at all, provided that you appropriately describe the limits of the conclusions
of your review. A second reason I think that dogmatically excluding poor
quality studies is a poor choice is that this practice assumes that certain
imperfections of primary studies result in biased effects, yet does not test
this assumption. This leads to the third reason: Meta-­analyses can evaluate
whether systematic differences in effect sizes emerge from certain methodological features. If you code the relevant features of primary studies that are
considered “quality” within your particular field (see Chapter 4), you can
then evaluate whether these features systematically relate to differences in
the results (effect sizes) found among studies through moderator analyses
(Chapter 9). Having done this, you can (1) make statements about how the
differences in specific aspects of quality impact the effect sizes that are found,
which can guide future design of primary studies; (2) where differences are
found, limit conclusions to the types of studies that you believe produce the
most valid results; and (3) where differences are not found, have the advantage of including all relevant studies (versus a priori excluding a potentially
large number of studies).
2.3.6 Are These Problems Relevant Only
to Quantitative Reviews?
Although these critiques were raised primarily against the early meta-­analyses
and have since been raised as challenges primarily against meta-­analytic (i.e.,
quantitative) reviews, most apply to all types of research syntheses. Aside

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from the first two I have reviewed (meta-­analyses requiring extensive statistical expertise and lacking in finesse), which I have clarified as being generally
misconceptions, the remainder can be considered as threats to all types of
research syntheses (including narrative research reviews) and often all types
of literature reviews (see Figure 1.1). However, because these critiques have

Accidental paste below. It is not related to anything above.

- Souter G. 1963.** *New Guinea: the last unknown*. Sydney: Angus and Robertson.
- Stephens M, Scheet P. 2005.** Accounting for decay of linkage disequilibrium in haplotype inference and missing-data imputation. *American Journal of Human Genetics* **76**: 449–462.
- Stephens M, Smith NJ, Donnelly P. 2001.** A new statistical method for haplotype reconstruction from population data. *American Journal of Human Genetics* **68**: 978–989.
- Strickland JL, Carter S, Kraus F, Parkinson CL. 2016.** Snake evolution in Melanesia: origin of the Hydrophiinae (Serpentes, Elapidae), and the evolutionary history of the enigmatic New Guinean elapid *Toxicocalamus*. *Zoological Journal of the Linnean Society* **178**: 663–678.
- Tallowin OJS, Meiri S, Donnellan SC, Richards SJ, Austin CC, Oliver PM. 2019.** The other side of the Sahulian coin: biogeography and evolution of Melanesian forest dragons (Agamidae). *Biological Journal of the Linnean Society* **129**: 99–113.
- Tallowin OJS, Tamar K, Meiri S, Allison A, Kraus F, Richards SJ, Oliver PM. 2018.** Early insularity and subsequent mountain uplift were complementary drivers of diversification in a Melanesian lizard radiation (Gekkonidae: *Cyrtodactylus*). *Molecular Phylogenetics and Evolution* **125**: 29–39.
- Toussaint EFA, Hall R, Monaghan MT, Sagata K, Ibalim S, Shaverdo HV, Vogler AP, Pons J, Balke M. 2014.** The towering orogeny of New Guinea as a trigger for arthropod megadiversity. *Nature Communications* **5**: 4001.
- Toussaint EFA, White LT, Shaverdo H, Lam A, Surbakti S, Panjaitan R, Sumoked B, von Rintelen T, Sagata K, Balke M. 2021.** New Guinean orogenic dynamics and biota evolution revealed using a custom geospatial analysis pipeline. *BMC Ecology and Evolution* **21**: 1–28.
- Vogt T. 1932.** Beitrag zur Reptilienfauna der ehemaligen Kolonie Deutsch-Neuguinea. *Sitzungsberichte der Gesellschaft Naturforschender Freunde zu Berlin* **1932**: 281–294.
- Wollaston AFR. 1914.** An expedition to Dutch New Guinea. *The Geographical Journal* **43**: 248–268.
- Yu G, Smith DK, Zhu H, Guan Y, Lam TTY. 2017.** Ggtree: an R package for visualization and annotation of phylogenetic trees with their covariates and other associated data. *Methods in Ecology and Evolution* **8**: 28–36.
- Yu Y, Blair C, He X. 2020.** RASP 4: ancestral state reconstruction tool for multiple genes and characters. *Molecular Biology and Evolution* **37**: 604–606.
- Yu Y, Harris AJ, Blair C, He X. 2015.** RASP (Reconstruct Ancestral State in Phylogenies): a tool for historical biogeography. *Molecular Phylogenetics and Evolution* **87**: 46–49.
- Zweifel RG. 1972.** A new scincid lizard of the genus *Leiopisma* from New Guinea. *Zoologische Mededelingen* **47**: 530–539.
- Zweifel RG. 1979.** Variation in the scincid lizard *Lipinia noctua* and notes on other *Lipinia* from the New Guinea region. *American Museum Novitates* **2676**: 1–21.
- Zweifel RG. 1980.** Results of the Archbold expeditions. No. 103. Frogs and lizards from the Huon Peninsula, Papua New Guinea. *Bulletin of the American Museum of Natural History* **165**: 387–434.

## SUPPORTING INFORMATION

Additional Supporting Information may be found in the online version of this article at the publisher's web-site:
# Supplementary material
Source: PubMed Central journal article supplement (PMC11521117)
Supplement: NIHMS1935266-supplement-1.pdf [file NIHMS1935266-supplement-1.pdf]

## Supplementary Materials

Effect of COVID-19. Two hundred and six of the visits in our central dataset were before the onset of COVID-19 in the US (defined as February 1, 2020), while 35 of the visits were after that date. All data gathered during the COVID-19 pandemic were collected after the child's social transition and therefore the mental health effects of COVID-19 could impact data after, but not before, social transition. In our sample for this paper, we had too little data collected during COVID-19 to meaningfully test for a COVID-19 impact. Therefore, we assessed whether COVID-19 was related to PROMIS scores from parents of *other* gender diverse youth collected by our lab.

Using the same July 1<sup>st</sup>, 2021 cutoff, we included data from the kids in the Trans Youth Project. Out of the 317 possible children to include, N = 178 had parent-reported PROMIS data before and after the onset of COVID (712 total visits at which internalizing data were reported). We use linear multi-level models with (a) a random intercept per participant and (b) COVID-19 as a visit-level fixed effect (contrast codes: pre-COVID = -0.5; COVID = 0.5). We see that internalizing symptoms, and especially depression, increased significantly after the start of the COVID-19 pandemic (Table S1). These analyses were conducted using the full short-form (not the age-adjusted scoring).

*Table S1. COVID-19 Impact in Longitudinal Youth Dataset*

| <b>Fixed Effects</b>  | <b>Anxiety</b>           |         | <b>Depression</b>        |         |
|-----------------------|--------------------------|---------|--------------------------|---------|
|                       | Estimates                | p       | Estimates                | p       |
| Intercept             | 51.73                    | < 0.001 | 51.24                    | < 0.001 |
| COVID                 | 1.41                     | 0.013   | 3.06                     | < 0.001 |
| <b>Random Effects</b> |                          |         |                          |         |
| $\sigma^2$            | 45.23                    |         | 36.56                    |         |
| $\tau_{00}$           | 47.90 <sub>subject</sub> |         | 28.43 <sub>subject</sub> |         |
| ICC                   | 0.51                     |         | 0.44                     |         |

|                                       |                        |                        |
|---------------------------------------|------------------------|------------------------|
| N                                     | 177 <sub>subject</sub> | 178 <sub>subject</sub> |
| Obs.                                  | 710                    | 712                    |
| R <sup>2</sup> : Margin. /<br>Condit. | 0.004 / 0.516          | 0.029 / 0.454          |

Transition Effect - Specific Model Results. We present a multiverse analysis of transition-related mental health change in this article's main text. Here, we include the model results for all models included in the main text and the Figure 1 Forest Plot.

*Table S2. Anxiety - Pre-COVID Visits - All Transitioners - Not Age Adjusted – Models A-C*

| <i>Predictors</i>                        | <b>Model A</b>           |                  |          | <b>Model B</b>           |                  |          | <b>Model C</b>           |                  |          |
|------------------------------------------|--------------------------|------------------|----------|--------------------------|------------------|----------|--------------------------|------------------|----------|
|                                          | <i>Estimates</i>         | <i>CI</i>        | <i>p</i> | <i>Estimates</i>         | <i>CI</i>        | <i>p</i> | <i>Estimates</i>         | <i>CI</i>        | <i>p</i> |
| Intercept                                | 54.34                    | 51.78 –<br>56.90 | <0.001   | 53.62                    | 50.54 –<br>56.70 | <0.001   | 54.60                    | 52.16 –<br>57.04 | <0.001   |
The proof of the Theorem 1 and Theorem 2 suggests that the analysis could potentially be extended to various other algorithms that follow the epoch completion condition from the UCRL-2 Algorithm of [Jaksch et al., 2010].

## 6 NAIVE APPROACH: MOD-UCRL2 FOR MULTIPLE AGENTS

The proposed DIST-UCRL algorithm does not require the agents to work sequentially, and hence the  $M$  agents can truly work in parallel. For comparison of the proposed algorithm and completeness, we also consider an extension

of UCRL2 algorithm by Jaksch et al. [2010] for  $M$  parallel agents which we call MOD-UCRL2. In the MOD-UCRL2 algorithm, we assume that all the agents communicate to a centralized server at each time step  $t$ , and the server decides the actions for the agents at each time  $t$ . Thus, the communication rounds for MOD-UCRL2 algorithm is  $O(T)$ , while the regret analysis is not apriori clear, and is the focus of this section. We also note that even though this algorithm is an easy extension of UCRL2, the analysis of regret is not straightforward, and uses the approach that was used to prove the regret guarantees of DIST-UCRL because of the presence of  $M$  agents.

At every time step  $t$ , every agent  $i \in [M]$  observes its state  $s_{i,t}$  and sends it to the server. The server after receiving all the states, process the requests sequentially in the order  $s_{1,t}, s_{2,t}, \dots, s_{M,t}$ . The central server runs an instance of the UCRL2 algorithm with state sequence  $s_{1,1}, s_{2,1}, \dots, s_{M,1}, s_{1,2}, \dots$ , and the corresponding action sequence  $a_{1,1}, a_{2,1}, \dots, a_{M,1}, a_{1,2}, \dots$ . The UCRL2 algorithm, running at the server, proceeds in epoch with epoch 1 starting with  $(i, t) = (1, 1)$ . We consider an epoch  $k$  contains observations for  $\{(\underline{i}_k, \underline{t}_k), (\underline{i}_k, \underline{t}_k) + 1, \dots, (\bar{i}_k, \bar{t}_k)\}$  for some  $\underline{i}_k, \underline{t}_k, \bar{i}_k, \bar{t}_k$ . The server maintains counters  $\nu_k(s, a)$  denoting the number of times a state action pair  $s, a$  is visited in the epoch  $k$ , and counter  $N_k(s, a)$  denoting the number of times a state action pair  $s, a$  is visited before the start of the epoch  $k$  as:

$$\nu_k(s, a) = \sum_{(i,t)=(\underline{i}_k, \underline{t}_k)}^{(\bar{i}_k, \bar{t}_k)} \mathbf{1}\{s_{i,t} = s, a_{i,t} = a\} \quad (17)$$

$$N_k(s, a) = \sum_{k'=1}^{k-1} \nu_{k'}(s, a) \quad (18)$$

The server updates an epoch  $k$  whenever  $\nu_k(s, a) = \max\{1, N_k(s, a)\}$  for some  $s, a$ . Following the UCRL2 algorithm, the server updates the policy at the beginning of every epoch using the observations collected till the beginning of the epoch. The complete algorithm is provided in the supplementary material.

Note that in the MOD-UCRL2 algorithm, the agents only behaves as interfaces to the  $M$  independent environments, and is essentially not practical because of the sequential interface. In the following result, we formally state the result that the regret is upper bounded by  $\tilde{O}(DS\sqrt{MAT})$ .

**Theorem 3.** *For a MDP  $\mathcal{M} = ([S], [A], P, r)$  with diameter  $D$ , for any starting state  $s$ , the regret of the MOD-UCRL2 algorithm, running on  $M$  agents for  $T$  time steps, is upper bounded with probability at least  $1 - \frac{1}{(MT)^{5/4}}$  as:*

most often been applied toward meta-­analysis, we have arguably considered
these threats more carefully than have scholars performing other types of literature reviews. It is useful to consider how each of the critiques I described
above threatens both quantitative and other literature reviews (considering
primarily the narrative research review), and how each discipline typically
manages the problem.
The “apples and oranges” problem (i.e., inclusion of diverse types of
studies within a review) is potentially threatening to both narrative and
meta-­analytic review. However, my impression is that meta-­analyses more
commonly attempt to draw generalized conclusions across diverse types of
primary studies, whereas narrative reviews more often draw fragmented conclusions of the form “These types of studies find this. These other types of
studies find this.” If practices stopped there, then the apples and oranges
problem could more fairly be applied to meta-­analyses than other reviews.
However, meta-­analysts usually perform moderator analyses to compare
the diverse types of studies, and narrative reviews often try to draw synthesized conclusions about the diverse types of studies. Given that both types
of reviews typically attempt to draw conclusions at multiple levels (i.e., about
fruits in general and about apples and oranges in particular), the critique of
focusing on the “wrong” level of generalization—if there is such a thing, versus just focusing on a different level of generalization than another scholar
might choose—is equally applicable to both. However, both the process of
drawing generalizations across diverse studies and the process of comparing
diverse types of studies are more objective and lead to more accurate conclusions (Cooper & Rosenthal, 1980) when performed using meta-­analytic
versus narrative review techniques.
The “file drawer” problem—the threat of unpublished studies not being
included in a review, and the resultant available studies being a biased representation of the literature—is a threat to all attempts to draw conclusions
from this literature. In other words, if the available literature is biased, then
this bias affects any attempt to draw conclusions from the literature, narrative or meta-­analytic. However, narrative reviews almost never consider this
threat, whereas meta-­analytic reviews routinely consider it and often take
steps to avoid it and/or evaluate it (indeed, there exists an entire book on

Questions That Can and Cannot Be Answered through Meta-­Analysis 29

this topic; see Rothstein, Sutton, & Borenstein, 2005b). Meta-­analysts typically make greater efforts to systematically search for unpublished literature
(and studies published in more obscure sources) than do those preparing
narrative reviews (Chapter 3). Meta-­analysts also have the ability to detect
publication bias through comparison of published and available unpublished